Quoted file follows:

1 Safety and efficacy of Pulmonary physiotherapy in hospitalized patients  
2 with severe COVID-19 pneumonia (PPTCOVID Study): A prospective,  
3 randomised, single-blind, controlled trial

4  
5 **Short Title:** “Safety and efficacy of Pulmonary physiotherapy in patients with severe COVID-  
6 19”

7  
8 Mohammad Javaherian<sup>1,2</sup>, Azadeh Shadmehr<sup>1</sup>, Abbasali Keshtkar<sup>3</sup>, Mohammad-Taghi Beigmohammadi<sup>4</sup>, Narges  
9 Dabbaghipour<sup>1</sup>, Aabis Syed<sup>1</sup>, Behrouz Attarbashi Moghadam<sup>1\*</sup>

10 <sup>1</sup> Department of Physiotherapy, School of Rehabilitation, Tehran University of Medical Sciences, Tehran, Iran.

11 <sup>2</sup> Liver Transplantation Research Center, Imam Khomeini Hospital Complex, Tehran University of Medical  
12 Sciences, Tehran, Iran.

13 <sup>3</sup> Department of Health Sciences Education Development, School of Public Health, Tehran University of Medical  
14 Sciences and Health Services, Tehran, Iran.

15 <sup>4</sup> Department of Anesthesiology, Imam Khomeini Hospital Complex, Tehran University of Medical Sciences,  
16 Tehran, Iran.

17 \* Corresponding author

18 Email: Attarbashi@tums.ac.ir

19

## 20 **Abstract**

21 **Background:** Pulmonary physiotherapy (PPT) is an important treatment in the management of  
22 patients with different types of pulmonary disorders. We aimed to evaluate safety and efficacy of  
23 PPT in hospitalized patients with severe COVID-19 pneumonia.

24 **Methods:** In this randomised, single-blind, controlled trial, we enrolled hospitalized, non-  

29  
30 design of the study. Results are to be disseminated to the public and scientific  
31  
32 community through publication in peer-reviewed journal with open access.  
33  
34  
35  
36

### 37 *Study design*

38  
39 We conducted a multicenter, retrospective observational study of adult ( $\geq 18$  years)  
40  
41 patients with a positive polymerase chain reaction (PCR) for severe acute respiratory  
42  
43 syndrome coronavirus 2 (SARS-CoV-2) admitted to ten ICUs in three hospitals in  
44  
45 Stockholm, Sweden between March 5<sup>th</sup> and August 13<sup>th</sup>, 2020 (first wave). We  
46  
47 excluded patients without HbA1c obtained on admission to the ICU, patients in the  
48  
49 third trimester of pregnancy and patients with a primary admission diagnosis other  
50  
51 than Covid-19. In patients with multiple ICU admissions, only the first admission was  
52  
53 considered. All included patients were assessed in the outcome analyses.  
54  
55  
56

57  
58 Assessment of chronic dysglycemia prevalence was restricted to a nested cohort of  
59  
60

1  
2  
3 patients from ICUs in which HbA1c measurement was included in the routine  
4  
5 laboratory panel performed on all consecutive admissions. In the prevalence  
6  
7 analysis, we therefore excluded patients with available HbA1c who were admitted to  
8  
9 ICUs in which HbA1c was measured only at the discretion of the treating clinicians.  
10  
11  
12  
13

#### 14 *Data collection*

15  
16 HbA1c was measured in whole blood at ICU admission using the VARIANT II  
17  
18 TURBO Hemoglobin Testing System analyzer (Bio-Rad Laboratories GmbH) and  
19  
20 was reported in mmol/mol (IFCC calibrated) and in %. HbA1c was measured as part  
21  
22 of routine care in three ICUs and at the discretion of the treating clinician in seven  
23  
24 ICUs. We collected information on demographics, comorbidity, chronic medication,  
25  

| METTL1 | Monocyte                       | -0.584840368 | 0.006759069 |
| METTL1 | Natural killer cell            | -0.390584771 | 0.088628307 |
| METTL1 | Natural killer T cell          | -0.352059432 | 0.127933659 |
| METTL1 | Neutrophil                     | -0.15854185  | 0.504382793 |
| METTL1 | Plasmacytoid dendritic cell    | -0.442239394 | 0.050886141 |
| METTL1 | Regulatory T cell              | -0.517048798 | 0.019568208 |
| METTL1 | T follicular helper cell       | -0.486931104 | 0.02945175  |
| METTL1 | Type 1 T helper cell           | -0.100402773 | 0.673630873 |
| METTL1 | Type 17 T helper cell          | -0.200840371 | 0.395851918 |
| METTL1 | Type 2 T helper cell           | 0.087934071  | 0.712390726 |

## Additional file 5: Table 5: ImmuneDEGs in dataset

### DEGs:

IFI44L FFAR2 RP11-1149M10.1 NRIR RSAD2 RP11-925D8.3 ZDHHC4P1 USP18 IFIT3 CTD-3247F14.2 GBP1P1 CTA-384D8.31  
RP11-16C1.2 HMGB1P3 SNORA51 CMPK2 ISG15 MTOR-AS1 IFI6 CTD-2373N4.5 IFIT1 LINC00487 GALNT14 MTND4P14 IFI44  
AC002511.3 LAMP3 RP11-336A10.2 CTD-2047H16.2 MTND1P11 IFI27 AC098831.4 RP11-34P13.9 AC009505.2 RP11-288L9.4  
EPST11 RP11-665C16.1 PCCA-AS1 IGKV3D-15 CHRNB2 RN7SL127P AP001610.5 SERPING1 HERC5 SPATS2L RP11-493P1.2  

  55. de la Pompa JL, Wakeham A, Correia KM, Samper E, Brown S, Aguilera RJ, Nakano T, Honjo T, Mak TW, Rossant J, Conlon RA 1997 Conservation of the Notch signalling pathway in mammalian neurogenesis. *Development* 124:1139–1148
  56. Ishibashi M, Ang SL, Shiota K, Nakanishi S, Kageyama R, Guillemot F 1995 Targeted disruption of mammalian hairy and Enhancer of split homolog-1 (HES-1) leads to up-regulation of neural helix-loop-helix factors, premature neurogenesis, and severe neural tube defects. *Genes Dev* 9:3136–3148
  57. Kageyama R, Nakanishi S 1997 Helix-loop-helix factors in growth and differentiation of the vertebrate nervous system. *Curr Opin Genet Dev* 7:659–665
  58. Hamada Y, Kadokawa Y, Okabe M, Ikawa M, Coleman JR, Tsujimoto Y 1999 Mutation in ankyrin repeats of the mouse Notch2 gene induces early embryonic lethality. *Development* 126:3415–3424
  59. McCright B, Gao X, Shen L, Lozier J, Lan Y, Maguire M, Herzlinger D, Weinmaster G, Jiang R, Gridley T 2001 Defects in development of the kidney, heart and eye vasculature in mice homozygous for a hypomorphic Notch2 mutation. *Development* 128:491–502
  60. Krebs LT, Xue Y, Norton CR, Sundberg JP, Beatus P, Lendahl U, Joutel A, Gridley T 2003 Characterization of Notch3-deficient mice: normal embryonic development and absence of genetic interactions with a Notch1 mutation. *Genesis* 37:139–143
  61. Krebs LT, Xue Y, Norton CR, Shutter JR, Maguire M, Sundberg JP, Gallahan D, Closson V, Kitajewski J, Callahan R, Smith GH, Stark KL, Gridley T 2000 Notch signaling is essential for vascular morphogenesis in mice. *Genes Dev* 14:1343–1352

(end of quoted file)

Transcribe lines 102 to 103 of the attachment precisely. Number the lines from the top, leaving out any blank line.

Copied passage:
  59. McCright B, Gao X, Shen L, Lozier J, Lan Y, Maguire M, Herzlinger D, Weinmaster G, Jiang R, Gridley T 2001 Defects in development of the kidney, heart and eye vasculature in mice homozygous for a hypomorphic Notch2 mutation. *Development* 128:491–502
  60. Krebs LT, Xue Y, Norton CR, Sundberg JP, Beatus P, Lendahl U, Joutel A, Gridley T 2003 Characterization of Notch3-deficient mice: normal embryonic development and absence of genetic interactions with a Notch1 mutation. *Genesis* 37:139–143